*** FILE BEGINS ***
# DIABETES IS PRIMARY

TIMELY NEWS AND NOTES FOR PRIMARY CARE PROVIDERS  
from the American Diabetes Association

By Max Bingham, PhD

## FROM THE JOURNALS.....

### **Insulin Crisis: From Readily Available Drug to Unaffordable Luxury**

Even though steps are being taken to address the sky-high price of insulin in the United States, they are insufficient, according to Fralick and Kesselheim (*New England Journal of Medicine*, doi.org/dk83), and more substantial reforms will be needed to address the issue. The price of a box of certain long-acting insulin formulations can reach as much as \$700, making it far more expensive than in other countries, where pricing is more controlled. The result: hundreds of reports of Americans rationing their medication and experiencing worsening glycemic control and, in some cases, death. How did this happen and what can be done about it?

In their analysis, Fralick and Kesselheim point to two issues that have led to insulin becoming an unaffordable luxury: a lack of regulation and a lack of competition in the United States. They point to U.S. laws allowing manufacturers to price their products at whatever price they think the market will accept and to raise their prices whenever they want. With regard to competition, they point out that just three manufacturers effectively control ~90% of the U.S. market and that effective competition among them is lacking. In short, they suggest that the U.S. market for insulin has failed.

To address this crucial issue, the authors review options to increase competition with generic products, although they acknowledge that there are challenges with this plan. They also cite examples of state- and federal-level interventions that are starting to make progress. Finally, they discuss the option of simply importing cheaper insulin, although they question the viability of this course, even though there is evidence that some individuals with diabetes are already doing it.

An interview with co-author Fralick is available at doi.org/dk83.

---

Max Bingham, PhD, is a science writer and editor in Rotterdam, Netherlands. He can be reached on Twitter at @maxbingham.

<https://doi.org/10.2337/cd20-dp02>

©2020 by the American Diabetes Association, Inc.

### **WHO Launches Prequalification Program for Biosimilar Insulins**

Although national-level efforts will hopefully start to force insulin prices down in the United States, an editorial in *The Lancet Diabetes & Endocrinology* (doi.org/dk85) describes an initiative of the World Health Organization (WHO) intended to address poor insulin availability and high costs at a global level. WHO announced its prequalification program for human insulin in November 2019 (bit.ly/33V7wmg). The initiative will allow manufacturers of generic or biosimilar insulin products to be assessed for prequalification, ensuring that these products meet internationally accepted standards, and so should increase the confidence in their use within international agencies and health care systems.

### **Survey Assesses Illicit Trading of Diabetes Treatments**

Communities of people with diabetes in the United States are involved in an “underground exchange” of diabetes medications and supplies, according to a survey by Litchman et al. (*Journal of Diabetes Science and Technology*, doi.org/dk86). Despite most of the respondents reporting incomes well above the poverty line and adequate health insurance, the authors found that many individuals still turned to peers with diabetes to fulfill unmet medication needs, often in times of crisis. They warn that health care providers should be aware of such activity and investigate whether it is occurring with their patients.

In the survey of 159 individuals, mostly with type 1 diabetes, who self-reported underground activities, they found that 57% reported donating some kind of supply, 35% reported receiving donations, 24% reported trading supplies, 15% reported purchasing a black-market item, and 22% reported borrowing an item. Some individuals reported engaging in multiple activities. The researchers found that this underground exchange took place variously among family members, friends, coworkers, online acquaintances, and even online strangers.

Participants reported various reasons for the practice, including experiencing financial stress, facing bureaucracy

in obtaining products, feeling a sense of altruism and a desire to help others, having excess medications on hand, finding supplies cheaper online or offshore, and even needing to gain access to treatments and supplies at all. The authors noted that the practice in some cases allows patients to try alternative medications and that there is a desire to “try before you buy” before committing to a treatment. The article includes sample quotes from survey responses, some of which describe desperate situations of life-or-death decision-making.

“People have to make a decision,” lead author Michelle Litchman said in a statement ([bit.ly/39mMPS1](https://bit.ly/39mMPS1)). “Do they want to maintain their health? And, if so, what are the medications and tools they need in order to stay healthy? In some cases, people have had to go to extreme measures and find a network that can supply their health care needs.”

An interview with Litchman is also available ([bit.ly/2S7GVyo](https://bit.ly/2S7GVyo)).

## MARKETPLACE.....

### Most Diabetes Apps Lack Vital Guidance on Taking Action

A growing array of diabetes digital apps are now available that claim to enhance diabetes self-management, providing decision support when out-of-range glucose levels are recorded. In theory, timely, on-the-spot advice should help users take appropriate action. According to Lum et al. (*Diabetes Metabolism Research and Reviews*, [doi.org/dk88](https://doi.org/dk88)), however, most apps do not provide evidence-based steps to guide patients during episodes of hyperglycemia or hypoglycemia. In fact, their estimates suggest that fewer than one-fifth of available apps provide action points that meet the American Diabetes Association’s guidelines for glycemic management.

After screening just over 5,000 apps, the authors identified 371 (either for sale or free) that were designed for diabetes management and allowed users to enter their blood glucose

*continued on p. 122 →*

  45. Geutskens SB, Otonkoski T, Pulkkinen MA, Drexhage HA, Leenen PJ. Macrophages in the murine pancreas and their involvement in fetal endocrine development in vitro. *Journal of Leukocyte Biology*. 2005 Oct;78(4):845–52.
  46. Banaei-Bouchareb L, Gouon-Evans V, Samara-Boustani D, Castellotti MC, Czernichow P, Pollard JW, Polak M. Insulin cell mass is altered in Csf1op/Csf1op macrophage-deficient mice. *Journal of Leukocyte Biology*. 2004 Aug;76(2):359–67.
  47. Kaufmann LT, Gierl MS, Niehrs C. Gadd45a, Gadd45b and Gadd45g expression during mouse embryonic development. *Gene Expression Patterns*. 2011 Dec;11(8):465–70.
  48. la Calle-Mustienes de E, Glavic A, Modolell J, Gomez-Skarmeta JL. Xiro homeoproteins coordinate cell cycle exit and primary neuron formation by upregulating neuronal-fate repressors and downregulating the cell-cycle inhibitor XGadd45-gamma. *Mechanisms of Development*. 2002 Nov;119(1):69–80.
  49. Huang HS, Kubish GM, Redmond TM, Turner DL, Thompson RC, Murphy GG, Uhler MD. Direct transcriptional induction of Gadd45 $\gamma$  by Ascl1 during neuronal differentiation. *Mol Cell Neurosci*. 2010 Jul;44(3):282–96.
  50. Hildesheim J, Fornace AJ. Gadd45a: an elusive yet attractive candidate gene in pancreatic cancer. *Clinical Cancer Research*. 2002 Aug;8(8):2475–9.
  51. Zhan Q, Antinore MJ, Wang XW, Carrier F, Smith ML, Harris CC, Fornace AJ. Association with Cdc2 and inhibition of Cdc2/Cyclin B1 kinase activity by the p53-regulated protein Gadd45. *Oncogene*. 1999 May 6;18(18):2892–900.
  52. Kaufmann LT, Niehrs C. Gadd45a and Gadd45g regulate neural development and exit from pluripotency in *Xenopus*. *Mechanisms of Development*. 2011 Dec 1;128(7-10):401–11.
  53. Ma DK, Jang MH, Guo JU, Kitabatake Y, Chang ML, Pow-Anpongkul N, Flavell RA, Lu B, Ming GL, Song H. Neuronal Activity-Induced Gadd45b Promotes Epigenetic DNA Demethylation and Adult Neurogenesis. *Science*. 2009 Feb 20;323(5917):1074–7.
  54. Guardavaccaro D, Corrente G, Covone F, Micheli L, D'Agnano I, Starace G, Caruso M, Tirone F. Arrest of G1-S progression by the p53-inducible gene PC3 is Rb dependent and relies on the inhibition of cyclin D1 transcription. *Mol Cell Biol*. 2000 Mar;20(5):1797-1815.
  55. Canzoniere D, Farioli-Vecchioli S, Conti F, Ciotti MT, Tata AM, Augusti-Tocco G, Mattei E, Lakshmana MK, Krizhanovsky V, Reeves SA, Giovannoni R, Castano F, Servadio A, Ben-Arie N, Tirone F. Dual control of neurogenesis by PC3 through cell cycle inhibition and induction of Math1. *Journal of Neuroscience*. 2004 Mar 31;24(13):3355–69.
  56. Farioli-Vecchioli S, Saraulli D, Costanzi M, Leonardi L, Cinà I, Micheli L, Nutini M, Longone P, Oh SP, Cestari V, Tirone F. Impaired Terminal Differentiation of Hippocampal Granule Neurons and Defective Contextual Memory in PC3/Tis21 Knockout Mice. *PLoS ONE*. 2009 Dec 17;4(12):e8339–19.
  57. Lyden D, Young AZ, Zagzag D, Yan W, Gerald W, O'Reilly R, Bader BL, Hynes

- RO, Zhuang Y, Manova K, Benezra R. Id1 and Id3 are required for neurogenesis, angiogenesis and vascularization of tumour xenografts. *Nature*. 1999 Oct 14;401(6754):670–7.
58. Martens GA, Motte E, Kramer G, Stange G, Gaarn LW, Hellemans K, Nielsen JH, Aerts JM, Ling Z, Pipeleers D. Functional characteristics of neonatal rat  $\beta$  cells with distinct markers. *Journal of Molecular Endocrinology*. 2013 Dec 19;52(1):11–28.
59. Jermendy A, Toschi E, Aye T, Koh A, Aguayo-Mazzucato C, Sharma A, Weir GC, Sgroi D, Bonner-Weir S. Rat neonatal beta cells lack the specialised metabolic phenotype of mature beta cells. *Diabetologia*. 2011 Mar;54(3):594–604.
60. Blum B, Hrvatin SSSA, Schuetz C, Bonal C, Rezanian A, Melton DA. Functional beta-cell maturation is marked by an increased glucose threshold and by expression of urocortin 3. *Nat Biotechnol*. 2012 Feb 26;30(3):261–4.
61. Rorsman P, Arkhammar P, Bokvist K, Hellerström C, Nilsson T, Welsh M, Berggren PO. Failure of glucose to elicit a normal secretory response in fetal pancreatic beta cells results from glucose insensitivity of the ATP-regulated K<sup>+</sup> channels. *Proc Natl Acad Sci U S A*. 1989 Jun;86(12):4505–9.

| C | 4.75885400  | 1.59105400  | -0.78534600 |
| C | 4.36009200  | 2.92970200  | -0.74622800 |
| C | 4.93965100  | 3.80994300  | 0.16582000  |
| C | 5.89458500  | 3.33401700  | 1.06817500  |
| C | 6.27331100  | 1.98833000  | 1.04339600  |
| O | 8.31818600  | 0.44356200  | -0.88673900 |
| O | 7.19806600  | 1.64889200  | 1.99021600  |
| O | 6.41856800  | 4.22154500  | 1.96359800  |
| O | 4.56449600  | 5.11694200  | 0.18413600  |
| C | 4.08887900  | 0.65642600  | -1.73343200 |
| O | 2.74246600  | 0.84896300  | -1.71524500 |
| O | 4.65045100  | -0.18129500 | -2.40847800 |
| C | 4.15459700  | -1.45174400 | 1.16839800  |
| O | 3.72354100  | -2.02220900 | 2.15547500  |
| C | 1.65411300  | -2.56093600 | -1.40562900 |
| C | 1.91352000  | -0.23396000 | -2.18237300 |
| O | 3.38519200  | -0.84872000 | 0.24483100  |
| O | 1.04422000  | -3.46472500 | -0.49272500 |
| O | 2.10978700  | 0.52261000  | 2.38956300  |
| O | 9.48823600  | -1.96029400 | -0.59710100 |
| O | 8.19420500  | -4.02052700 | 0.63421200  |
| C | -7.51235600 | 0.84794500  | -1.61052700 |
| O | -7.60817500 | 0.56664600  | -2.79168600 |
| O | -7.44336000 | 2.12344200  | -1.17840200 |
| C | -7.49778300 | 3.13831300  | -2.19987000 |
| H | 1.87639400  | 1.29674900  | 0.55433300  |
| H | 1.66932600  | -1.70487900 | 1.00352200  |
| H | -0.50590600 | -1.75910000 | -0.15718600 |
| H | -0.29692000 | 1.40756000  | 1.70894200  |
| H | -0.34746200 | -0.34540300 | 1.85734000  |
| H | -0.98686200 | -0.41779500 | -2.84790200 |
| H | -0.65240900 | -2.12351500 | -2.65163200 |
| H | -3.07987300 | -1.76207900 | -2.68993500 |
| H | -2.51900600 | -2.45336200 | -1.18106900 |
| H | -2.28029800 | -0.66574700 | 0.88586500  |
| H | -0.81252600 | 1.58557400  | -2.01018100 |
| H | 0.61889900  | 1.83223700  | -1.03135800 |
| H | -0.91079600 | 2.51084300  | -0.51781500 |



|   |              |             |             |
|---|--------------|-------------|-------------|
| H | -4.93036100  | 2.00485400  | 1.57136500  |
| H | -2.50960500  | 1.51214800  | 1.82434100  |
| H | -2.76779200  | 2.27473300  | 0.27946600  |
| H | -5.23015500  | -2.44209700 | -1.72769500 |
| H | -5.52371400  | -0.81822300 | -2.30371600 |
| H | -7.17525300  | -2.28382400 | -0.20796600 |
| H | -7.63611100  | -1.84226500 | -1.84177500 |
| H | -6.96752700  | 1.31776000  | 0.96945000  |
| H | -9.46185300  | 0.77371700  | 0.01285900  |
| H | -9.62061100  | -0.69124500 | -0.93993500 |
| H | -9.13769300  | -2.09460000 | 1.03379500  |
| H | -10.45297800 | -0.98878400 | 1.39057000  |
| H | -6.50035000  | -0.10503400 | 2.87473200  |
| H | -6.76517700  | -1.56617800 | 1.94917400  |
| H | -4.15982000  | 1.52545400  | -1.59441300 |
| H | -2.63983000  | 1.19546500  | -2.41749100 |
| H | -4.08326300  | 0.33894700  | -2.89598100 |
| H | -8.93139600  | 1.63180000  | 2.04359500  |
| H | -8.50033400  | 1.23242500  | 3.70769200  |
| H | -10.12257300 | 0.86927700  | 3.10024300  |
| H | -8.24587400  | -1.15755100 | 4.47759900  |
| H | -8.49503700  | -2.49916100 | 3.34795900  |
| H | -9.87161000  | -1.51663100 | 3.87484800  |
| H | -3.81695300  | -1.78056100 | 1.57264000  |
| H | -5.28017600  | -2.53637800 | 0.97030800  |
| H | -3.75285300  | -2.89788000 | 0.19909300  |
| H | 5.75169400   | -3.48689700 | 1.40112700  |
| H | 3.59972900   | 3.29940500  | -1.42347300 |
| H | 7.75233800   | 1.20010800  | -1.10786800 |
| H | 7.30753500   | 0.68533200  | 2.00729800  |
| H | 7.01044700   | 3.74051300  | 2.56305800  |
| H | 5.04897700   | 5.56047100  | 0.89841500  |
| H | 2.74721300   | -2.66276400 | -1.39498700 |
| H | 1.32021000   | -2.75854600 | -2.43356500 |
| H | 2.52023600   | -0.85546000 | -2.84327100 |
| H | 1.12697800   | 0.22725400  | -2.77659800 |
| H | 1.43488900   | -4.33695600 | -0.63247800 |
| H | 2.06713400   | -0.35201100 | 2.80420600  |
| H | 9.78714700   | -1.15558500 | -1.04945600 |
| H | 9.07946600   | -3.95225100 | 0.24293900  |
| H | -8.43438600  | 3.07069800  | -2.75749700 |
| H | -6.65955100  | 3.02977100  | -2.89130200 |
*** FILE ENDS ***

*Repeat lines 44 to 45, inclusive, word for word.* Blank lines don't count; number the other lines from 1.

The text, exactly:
59. Jermendy A, Toschi E, Aye T, Koh A, Aguayo-Mazzucato C, Sharma A, Weir GC, Sgroi D, Bonner-Weir S. Rat neonatal beta cells lack the specialised metabolic phenotype of mature beta cells. *Diabetologia*. 2011 Mar;54(3):594–604.
60. Blum B, Hrvatin SSSA, Schuetz C, Bonal C, Rezanian A, Melton DA. Functional beta-cell maturation is marked by an increased glucose threshold and by expression of urocortin 3. *Nat Biotechnol*. 2012 Feb 26;30(3):261–4.